Courts may look to this kind of legislative history and the purpose of a statute to clarify textual ambiguity.13 In addition to the text itself, “[i]n expounding a statute” a court should look to the law’s “object and policy”14 because “[t]he purpose of Congress is the ultimate touchstone” of statutory interpretation.15 If an interpretation is in conflict with Congress’s expressed purpose in enacting a given statute, that interpretation should be rejected.16 As the concern motivating Congress’s adoption of the statute is not unique to actions in federal courts, it should not be interpreted to be so limited. The objective of the Provision is to combat the use of discovery as a tool of “abusive securities class actions,” and reading it to continue to allow this practice in securities actions in state courts would leave alive and well the problem Congress legislated to solve.17 Therefore, this interpretation must be rejected as “[c]ontrary to the intent of Congress.”18


The opposition in Pivotal Software argued against applying the discovery stay in state courts by reasoning that the procedural nature of the Provision forecloses its application in state courts and that the presumption against preemption supports reading the stay to apply only in Securities Act actions in federal court.19 These arguments are individually flawed and do not support inserting a state-court exception into the PSLRA discovery stay.

First, no procedure versus substance distinction disallows the Provision’s application in state court. The Supreme Court in Cyan, Inc. v. Beaver County Employees Retirement Fund noted that certain PSLRA provisions contain procedural rules for Securities Act actions that apply “only when such a suit [is] brought in federal court.”20 However, the Court in Cyan referred specifically to provisions that include statutory language limiting their application to actions brought in federal court.21 The pertinent provision of the PSLRA, § 77z-1(a)(2)(A)(ii), places procedural rules on “a lead plaintiff in any class action brought under the Federal Rules of Civil Procedure [(“FRCP”)].”22 Through this example, the Court demonstrated that it was referring to provisions expressly limited to federal courts since the FRCP apply only in federal courts. Therefore, while some PSLRA procedures apply only in federal courts, not all PSLRA procedural provisions do, and the Provision is not limited in this way.

Second, the opposition in Pivotal Software invoked the constitutional avoidance canon and suggested that imposing federal procedural rules in state court in this context would violate state sovereignty.23 However, precedent establishes that states may only apply their “neutral procedural rules to federal claims” where not “pre-empted by federal law.”24 Additionally, federal law may leave state court rules in place “only insofar as those courts employ rules that do not impose unnecessary burdens” on federal rights.25 This premise is grounded in the Constitution’s Necessary and Proper Clause,26 which endows Congress with the authority to enact and govern federal rights and statutes, and the Supremacy Clause, which instructs that “the Judges in every State shall be bound [by federal law], any Thing in the Constitution or Laws of any State to the Contrary notwithstanding.”27 Accordingly, while “[f]ederal statutes enforceable in state courts do, in a sense, direct state judges to enforce them . . . this sort of federal ‘direction’ of state judges is mandated by the text of the Supremacy Clause.”28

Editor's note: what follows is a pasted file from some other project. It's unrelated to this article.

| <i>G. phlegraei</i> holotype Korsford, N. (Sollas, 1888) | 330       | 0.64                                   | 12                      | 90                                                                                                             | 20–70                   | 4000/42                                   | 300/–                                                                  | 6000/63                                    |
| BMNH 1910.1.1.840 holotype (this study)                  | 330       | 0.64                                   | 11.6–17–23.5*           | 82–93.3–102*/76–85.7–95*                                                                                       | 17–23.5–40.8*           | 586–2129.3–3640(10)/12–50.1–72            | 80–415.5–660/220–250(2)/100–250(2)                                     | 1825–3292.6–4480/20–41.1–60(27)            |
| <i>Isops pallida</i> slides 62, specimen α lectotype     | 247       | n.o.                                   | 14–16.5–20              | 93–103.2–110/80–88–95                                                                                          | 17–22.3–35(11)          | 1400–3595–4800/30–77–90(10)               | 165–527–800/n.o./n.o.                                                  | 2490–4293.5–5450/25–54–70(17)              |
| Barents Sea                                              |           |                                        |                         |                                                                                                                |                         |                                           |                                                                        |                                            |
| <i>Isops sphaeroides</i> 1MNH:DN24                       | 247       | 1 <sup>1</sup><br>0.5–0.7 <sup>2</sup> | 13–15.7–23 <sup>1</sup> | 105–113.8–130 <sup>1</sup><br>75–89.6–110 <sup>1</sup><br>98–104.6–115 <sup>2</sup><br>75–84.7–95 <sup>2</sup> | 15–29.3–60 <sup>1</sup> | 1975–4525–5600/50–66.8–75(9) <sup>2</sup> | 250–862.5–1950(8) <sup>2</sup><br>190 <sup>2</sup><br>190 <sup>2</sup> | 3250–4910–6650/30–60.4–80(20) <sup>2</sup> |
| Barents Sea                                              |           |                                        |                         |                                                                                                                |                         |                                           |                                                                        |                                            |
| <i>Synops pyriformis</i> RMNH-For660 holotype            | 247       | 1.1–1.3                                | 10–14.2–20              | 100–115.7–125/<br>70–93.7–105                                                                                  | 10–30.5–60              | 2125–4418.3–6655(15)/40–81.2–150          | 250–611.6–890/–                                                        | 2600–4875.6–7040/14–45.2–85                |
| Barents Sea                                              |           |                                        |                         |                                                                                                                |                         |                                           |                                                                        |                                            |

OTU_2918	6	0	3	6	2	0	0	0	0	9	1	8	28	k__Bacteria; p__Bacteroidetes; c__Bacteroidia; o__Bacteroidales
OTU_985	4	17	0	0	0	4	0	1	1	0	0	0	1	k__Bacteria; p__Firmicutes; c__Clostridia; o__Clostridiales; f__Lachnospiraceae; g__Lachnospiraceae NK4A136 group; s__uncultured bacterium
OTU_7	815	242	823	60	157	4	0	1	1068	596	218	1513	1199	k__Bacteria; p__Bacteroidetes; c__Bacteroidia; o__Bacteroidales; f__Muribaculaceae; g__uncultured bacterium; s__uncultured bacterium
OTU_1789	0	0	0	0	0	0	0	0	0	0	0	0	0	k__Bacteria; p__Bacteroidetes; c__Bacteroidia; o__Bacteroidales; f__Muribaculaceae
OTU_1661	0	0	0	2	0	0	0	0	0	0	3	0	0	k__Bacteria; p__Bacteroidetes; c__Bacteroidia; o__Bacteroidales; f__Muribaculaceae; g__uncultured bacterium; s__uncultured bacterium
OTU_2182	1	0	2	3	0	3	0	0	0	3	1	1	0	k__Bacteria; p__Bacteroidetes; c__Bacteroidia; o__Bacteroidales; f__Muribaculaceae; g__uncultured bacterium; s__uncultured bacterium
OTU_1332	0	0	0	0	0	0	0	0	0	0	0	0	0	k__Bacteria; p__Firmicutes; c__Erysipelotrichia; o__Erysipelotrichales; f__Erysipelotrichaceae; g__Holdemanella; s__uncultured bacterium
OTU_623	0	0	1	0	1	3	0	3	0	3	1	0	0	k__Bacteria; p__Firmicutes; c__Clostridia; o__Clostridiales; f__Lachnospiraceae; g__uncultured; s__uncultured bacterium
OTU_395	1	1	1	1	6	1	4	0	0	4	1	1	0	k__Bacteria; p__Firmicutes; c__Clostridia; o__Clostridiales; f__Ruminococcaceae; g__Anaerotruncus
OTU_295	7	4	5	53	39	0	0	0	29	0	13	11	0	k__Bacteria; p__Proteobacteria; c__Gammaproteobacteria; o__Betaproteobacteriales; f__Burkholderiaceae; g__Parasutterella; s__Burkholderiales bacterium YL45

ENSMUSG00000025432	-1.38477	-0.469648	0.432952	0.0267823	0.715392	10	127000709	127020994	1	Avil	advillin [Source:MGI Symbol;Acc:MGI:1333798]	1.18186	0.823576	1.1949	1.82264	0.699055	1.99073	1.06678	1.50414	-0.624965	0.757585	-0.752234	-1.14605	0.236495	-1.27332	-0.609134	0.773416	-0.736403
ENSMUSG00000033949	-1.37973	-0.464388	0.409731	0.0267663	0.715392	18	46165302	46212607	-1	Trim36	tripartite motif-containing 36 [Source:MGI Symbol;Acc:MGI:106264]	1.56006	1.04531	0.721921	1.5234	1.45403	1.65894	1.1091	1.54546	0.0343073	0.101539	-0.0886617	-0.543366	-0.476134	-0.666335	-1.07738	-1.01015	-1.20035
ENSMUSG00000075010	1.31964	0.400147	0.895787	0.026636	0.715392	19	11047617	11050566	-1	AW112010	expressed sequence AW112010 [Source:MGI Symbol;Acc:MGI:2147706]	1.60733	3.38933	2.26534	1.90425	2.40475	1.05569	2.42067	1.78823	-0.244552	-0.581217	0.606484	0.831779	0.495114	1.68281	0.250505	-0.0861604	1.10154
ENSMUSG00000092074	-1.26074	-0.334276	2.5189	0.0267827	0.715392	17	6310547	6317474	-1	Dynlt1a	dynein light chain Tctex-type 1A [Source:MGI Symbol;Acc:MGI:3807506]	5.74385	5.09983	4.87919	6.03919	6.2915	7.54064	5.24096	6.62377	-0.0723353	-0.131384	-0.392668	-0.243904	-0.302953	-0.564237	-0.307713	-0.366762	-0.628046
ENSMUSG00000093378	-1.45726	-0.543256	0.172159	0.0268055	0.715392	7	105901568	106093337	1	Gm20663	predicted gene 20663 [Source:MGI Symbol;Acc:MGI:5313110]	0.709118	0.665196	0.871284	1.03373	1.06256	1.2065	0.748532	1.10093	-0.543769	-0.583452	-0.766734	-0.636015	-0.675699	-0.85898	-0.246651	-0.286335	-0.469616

Further, the PSLRA and the Securities Act are federal laws, and the Provision provides a federal right to not be burdened by discovery at the motion to dismiss stage in Securities Act suits.29 The automatic stay granted by the Provision protects this right, and contrary state discovery-stay rules are therefore preempted and may not be imposed.30 Furthermore, even if Congress had wished to leave the rules of procedure concerning this federal right to state courts, such a deferral would not be permissible, as the non-application of the discovery stay in state courts would unnecessarily burden the right protected by the Provision.31 Consequently, the federal preemption at issue is not a violation of state sovereignty, but rather a necessary exercise of constitutional authority to protect a federal right, rendering the application of constitutional avoidance inappropriate.


Statutory interpretation guidance from the plain meaning of the statute, the whole code canon, and analysis of the surrounding provisions further supports a broader interpretation of the Provision’s application.